Director/cowriter Sam Raimi (with his brother, Ivan, and veteran screenwriter Alvin Sargent) continues to get it right in the third installment of the hugely successful SPIDER-MAN franchise. Raimi and company deftly balance spectacle and character-based drama, occasionally tweaking the comic-book mythology but always respecting creator Stan Lee's idea that...read more
Director/cowriter Sam Raimi (with his brother, Ivan, and veteran screenwriter Alvin Sargent) continues to get it right in the third installment of the hugely successful SPIDER-MAN franchise. Raimi and company deftly balance spectacle and character-based drama, occasionally tweaking the comic-book mythology but always respecting creator Stan Lee's idea that costumed crime-fighter Peter Parker's life as Spider-Man isn't all derring-do and public accolades. He's not insulated by wealth like Batman Bruce Wayne. He's not even an adult like Superman Clark Kent. Parker is a good-natured, vulnerable kid from Queens who had greatness thrust upon him and pays a real price — not once, but repeatedly — for stepping up and accepting the responsibilities his powers confer. And Raimi does it without letting the movies get bogged down in gloomy navel-gazing or pretentious allegory.
When it opens, Parker (Tobey Maguire) is riding high: Everyone — OK, everyone but irascible "Daily Bugle" editor J. Jonah Jameson (J.K. Simmons) — loves Spider-Man. His girlfriend, Mary Jane Watson (Kirsten Dunst), has the lead in her first Broadway play, and he's going to ask her to marry him. Aunt May (Rosemary Harris) has given her blessing in the form of the engagement ring her late husband, beloved Uncle Ben (Cliff Robertson), gave her when he proposed 50 years ago. And a fortuitous accident robs Peter's former best friend, Harry Osborne (James Franco) of his recent memory; Harry no longer remembers that he swore to avenge his late father, supervillain Green Goblin (Willem Dafoe), who died at Spider-Man's hand. So naturally, the other shoe has to drop. Mary Jane is replaced after opening night, and her misery — compounded by the fact that Peter's so busy saving everyone from everything that he has no time for her — derails his efforts to propose. The police announce that they arrested the wrong man for killing Uncle Ben; the real murderer, petty crook Flint Marko (Thomas Haden Church), has just broken out of prison. Slick hustler Eddie Brock (Topher Grace) is trying to steal Peter's freelance photography gig at the "Bugle." And an alien symbiont has wormed its way into his DNA, sniffing out every selfish, spiteful, arrogant impulse Peter's innate decency ever suppressed and magnifying it a thousandfold. With hair and costume turned an ominous, inky black, Spider-Man becomes the very dangerous vigilante Jameson always said he was, and Peter becomes an egocentric jerk. Meanwhile, Marko is accidentally demolecularized and reconstituted as Sandman, a human dust-devil who promptly embarks on the inevitable crime spree ("Where do these guys come from?" Peter marvels), while Harry remembers that he assumed the mantle of Green Goblin after his dad's death and thus gets back to the business of ruining Peter's life.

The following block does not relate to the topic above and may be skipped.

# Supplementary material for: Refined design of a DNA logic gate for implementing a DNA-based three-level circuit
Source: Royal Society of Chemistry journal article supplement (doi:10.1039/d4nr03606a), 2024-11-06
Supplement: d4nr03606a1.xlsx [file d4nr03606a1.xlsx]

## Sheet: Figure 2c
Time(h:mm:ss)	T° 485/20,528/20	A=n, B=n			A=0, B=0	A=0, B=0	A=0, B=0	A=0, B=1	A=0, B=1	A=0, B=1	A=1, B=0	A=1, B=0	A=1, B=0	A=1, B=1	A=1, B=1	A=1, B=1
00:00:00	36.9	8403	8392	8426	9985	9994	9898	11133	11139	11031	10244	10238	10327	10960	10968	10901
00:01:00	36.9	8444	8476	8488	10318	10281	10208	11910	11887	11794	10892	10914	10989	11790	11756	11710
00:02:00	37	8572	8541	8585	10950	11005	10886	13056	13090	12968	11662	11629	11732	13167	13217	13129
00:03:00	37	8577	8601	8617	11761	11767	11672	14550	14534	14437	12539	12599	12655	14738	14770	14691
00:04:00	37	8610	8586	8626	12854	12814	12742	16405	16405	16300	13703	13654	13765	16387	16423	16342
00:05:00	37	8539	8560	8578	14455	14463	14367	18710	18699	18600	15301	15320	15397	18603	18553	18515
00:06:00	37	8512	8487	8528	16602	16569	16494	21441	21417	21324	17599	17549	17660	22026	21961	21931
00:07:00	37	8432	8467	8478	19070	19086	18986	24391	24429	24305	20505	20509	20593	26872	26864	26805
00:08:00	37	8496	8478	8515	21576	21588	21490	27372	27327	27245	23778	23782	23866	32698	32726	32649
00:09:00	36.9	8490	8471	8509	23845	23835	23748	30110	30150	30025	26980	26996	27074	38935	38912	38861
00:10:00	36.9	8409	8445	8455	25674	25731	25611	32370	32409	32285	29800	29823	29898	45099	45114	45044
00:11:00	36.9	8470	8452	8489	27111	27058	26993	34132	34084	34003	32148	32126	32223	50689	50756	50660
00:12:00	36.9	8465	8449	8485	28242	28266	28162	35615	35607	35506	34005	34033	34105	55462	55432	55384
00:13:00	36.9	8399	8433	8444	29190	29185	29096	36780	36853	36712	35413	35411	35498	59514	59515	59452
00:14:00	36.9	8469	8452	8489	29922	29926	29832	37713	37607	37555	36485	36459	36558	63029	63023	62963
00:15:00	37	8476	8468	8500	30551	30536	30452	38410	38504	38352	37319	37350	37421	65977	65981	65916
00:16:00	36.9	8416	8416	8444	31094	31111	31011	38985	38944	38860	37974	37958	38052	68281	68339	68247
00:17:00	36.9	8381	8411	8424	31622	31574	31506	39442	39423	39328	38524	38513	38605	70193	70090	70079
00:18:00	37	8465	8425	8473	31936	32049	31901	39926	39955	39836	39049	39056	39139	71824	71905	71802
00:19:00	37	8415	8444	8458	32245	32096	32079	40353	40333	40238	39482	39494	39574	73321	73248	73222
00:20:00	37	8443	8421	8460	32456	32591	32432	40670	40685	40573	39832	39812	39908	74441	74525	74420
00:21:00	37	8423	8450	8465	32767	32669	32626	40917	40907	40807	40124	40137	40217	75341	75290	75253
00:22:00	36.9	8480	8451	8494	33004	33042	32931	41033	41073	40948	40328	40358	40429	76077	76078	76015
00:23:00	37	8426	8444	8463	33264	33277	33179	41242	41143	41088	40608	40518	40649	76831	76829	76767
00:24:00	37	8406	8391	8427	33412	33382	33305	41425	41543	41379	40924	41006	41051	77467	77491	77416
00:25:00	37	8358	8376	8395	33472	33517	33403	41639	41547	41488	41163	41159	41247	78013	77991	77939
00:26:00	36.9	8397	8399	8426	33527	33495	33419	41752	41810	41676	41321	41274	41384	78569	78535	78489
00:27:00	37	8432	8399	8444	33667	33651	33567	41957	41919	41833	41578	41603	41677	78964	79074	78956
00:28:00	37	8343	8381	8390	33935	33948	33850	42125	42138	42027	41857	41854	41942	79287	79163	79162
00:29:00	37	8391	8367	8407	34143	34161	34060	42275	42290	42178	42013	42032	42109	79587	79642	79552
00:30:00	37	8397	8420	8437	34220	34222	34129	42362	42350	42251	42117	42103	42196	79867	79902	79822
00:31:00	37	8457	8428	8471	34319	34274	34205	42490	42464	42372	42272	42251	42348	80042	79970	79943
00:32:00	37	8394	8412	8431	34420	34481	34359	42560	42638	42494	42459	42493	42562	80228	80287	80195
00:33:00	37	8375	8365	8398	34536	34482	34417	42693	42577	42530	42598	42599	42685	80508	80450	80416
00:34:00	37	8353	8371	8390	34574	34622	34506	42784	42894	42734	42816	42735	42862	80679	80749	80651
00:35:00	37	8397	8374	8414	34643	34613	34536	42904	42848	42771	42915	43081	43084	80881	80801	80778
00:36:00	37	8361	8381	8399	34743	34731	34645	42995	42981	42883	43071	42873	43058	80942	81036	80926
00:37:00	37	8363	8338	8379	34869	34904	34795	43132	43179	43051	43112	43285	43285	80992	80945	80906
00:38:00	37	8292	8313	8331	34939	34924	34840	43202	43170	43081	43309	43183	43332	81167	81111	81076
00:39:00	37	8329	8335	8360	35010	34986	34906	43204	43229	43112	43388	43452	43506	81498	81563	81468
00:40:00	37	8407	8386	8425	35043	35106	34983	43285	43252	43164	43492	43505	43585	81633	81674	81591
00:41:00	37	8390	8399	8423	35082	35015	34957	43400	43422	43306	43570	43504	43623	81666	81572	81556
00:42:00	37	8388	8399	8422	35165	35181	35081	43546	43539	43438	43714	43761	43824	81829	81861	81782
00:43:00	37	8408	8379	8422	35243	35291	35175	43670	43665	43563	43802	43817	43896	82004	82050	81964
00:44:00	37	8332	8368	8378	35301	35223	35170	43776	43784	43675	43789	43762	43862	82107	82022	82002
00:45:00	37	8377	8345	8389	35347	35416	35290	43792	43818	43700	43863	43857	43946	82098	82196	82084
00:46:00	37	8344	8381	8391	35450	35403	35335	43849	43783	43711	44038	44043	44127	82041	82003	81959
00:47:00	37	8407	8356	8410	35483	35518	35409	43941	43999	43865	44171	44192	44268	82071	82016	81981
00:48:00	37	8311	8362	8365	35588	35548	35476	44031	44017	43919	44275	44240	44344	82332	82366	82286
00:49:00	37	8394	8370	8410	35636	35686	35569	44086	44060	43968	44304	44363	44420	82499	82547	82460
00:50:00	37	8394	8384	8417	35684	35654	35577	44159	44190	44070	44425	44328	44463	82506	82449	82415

SPIDER-MAN 3 is crammed with goodies, including three villains and one hero with dual identities (it's hardly a spoiler to reveal that the symbiont eventually finds a new host with none of Peter's ambivalence about slipping into darkness), while making room for Aunt May's gentle lecture about the sacrifices on which good marriages are built. But Raimi's real gift is for shifting seamlessly from comedy — such as Peter's show-stopping transformation into a smug, hip-swiveling swinger whose wild-and-crazy-guy antics spring from a deep well of callous indifference to the pain of others — to full-out action and beautifully modulated melodrama. When Ang Lee, an equally fine director with a deep appreciation of pulp fiction (witness CROUCHING TIGER, HIDDEN DRAGON), can't tease half as much texture out of THE HULK (2003), it's time to give the fanboy his due.
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